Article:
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Rosie Abriam Lee

President & CEO

Washington, DC

More can be done with a good attitude than with a chip on your shoulder.

Long before reality television there was a game show called To Tell the Truth. The show featured a panel of celebrity judges who attempted to identify the contestant who had a true, yet unusual occupation or experience.

In my version of the show, Contestant 1 would say, “As a young girl, I wanted to be a nun. That changed in high school when Sister Rosina asked me, “Which college do you want to attend when you graduate?” I replied, “Cal or Stanford.” She paused before saying, “Honey, I think you should set your sights lower."

Contestant 2 would say, “When I landed my first job, I was thrilled. During the interview, I was made aware of the difficulties of life as a field biologist in the Bay Area; I enjoyed the challenges, however, and thrived in my new environment. I had mixed feelings when after six months, I was given some cash by my co-workers; the money came from a betting pool on how long I would last. The bets had ranged from two days to three months.”

Contestant 3 would reveal, “While working as a math programmer at a national lab, I felt the geek in me was drawn to Silicon Valley. However, I truly loved my job. So, I started consulting on weekends and evenings for a startup. Eventually, I went to work full time for them. The hours were long, but everyone was smart and projects were challenging and interesting. The company culture changed when we merged with another organization. I left when I realized that just because I could do something well didn’t mean that I should keep doing it.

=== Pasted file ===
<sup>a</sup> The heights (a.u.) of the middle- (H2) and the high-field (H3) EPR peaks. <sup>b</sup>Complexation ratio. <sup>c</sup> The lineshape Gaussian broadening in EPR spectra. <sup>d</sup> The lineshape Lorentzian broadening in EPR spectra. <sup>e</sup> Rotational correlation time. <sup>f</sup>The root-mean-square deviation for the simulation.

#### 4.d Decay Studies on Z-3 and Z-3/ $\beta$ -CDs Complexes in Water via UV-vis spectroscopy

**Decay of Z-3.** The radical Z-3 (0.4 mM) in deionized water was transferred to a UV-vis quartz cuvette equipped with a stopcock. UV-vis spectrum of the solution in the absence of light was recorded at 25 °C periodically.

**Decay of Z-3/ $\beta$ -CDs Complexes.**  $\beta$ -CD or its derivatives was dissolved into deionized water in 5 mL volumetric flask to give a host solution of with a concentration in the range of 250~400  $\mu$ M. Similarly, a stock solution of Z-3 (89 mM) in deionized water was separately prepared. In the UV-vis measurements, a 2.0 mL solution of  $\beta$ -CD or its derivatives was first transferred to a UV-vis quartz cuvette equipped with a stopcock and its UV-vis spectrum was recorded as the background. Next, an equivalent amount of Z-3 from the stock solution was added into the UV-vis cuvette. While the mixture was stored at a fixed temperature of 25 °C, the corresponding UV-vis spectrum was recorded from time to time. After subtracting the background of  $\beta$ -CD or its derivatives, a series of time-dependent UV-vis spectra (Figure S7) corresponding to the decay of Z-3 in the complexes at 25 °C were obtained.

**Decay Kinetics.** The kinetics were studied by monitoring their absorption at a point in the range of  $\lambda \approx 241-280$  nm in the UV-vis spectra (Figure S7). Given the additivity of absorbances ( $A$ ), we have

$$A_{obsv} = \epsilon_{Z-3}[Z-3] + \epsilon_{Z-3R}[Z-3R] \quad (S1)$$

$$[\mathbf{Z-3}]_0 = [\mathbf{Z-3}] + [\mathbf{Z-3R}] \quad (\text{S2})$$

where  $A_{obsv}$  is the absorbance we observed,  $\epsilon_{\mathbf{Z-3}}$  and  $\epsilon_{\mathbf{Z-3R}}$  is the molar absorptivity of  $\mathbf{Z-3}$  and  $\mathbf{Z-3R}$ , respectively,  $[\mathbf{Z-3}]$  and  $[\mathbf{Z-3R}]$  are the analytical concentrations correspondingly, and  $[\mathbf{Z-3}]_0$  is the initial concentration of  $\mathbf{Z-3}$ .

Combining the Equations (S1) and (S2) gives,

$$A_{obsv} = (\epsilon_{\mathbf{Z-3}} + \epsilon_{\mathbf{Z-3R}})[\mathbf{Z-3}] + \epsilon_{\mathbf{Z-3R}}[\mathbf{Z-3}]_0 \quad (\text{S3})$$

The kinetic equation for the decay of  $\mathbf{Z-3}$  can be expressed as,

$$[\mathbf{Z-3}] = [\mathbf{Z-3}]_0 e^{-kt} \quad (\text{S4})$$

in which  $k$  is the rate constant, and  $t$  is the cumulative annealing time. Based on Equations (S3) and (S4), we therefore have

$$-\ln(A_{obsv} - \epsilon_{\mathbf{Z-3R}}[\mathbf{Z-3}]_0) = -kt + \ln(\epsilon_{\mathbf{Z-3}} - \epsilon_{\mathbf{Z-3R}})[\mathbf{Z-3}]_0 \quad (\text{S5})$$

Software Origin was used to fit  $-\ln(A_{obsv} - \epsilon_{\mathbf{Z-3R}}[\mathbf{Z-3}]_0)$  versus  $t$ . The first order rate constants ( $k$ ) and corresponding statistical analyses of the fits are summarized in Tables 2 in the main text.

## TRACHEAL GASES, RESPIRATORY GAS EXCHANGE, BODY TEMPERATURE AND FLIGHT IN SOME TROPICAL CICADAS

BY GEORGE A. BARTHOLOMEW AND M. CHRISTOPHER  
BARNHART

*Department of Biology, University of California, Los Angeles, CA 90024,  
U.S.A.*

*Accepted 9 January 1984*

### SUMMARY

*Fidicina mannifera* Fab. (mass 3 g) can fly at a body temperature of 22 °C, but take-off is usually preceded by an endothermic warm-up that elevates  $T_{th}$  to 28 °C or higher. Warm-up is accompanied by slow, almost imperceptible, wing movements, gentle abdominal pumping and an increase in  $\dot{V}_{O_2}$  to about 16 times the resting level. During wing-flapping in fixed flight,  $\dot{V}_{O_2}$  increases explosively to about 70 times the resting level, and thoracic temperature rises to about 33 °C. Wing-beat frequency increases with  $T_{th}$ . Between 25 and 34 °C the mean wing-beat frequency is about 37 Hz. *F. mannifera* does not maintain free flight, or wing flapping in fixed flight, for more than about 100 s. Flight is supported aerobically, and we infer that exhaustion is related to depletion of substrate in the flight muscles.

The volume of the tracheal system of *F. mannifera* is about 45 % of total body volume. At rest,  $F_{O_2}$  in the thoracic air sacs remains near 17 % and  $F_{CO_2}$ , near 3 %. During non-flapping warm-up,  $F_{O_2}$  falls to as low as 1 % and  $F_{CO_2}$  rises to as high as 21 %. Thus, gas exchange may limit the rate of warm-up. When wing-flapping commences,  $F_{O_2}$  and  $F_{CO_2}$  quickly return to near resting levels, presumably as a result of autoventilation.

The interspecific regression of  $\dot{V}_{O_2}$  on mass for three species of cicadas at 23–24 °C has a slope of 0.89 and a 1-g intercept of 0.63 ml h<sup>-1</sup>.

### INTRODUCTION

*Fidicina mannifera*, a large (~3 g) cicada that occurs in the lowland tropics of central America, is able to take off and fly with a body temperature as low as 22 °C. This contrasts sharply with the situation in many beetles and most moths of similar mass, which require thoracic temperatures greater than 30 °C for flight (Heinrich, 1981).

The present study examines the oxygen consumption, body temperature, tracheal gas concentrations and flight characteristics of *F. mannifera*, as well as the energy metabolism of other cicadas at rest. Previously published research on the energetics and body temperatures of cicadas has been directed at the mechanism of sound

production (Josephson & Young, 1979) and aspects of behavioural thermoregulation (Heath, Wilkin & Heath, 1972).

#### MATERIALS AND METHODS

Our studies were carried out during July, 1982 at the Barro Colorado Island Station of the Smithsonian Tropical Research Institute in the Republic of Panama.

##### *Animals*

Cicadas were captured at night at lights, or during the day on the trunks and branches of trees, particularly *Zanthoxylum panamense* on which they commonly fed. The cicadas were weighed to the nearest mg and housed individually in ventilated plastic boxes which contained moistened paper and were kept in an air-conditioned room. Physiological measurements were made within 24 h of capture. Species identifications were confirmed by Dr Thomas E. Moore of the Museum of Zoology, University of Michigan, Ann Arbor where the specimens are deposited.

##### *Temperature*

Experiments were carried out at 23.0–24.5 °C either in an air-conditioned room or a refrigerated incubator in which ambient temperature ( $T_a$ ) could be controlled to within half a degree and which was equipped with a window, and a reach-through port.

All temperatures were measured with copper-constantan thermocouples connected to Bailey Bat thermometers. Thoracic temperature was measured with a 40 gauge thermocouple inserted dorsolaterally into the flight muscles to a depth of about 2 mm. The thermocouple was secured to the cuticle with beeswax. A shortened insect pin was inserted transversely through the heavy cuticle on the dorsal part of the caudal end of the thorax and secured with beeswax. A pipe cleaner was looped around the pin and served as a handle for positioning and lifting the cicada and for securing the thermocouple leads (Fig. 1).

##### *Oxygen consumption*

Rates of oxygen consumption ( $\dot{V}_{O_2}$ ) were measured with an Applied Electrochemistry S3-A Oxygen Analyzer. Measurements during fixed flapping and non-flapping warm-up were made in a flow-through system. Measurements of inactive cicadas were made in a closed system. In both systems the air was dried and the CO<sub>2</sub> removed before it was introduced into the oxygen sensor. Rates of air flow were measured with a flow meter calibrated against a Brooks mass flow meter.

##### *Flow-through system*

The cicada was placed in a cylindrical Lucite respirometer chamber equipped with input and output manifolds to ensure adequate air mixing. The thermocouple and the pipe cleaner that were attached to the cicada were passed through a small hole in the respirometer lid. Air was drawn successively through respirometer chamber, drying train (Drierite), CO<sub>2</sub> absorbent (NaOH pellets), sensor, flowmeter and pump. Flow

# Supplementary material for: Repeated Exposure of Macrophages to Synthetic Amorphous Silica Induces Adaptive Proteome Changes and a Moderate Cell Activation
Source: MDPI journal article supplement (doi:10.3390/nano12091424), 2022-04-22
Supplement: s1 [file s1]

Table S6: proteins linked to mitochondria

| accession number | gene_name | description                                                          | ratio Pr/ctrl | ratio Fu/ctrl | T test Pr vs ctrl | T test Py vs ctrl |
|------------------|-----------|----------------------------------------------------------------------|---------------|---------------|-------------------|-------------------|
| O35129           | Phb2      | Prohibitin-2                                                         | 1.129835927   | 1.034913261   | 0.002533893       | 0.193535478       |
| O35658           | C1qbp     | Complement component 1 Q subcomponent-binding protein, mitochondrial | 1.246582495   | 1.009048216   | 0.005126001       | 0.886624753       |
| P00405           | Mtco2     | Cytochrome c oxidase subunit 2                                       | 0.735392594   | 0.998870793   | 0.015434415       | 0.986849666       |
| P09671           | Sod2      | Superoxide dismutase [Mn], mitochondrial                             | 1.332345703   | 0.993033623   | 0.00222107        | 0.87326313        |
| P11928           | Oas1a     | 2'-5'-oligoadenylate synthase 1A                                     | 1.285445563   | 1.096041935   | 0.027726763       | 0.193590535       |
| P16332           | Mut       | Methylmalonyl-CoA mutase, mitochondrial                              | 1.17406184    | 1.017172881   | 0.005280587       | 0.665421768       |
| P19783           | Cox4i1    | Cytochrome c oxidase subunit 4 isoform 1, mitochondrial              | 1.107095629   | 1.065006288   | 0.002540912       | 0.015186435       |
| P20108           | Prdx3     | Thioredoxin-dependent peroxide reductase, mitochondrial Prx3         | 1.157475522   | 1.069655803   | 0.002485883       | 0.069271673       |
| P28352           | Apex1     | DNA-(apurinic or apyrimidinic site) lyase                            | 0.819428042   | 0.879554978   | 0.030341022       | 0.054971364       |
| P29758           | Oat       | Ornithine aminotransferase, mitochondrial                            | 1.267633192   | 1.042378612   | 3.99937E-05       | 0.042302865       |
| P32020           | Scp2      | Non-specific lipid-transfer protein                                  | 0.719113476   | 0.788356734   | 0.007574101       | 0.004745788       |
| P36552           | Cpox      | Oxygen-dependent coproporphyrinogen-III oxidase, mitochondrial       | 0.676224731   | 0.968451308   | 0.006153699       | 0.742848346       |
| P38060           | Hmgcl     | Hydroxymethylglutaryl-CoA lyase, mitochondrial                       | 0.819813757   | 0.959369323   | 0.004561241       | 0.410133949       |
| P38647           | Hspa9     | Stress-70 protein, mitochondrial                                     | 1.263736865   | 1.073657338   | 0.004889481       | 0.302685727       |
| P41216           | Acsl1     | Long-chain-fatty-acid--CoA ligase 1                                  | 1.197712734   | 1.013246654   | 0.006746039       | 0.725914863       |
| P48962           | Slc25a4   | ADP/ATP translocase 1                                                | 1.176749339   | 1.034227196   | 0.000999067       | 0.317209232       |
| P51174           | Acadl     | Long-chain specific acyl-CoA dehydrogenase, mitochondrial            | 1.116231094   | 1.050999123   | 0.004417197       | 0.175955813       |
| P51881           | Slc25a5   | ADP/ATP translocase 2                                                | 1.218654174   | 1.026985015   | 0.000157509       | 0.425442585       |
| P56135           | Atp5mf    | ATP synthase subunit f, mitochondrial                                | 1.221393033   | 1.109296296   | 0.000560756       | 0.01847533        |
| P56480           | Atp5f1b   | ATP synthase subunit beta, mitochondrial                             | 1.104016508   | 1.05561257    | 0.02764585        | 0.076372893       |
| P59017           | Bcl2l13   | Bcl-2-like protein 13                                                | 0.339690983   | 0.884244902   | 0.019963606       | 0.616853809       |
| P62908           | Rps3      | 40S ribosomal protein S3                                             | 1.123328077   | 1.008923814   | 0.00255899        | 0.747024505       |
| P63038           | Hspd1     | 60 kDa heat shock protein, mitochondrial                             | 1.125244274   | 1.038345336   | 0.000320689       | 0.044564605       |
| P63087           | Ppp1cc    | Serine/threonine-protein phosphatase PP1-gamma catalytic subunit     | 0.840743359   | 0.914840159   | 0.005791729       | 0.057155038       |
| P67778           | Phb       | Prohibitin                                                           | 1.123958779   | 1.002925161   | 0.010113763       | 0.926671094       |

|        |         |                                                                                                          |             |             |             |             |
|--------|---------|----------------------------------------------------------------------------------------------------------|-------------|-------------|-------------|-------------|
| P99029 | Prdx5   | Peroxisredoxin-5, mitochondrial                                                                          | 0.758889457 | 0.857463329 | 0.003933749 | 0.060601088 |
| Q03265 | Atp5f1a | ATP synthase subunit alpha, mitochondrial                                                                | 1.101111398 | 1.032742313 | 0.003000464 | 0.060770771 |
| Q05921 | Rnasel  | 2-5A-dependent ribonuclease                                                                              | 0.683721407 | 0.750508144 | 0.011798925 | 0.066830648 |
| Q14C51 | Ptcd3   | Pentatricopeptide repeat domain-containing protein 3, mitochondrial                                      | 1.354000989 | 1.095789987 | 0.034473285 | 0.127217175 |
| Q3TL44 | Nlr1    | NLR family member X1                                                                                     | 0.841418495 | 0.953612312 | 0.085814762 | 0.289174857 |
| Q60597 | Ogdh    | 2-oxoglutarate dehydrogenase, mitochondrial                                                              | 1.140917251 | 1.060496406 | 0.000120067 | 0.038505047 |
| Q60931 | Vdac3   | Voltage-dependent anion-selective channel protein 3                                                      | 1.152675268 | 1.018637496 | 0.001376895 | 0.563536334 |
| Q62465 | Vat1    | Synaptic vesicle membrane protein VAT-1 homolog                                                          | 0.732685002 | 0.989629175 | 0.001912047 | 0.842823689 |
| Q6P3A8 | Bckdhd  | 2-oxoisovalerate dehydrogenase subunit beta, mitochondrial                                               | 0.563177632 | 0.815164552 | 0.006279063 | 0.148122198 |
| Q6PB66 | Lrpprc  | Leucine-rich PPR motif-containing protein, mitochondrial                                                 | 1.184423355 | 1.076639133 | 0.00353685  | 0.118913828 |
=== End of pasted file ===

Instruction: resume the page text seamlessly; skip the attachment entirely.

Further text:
At the end of the show when the question was asked, “Will the real Rosie Abriam Lee stand up?” all three contestants would stand. They are me at different moments of my life.

As Contestant 1, I went home dejected. My mother encouraged me to stand tall. She said, “Who cares what one woman says? Work hard and prove that you can do whatever you want.”

As Contestant 2, I leaned in because I loved what I was doing. As I got to know my colleagues, I continued to lean in and brought them with me. A year and a half after I was given the “pool money,” I was unanimously nominated as the president of the employees union. At the time, I was the only woman, the only person of color and the youngest member of the group. My lesson: More can be done with a good attitude than with a chip on your shoulder.

As Contestant 3, I leaned in, led by my excitement and interest in technology. However, I found that while my patents were a nice bonus, the real reward was the lifelong friendships I made. Now I’m fortunate to work for a non-profit that builds leadership capacity in our communities.

(And, just in case the aforementioned nun is reading this and wondering, I got into Stanford, Cal and every other college on my list.)